Denise Duhamel & Maureen Seaton.
Tia Chucha Press, 1997.
71 pages, $10.95 (paperback).
. . . a woman who wants everyone
all at once, on every side . . .
Here is the truth about gender, according to the gospel of Exquisite Politics: every one of us is both "butch" and "femme," hustler and masochist. Given the chance, we'd grab it all. Yes! Duhamel and Seaton have collaborated on a touchingly provocative set of fairy tales about drag queens and politicians, chauvinist dads, first loves, and feminist clams. Their vision is quirky, defiant, wistful. Their formula?—Take two wise, talented women poets engaged in the political act of collaboration. Allow years of labor, mixed with humor and magic, and boom!, you have a delicious history of desire in the late 20th Century.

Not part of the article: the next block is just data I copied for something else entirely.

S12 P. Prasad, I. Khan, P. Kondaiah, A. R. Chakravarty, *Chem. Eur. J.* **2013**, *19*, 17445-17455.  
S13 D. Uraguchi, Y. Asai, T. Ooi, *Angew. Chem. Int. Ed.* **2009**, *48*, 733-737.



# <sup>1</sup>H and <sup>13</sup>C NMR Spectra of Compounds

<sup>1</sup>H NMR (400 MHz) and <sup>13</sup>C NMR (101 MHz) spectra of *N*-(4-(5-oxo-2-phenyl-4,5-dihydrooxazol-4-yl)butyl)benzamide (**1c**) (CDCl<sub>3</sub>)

These eighteen tales, written as sonnets, political speeches, litanies and guides, expose the bizarre in the everyday. Purely political poems, such as "Exquisite Candidate," depict cliches of American culture. Like the movie Bulworth, they entertain. However, it is the riskier works on gender that are this book's soul. "Suicide" and "Let Me Explain" reveal vulnerability and confusion by attacking the "hot buttons" of bisexuality, violence, and obesity. I loved best "The Femme Diaries"—lyrical, beautiful on the page, full of simple truths ("All the girl saints were femmes, except for Joan of Arc"). Here, the cacophony of voices blending and surging becomes an aria to gender. Alone, this poem would make Exquisite Politics a must-read.
In playing the Surrealist's game of collaborative writing, called "Exquisite Corpse," Duhamel and Seaton have created a small jewel worth savoring until the next set of gender histories emerges after the millennium.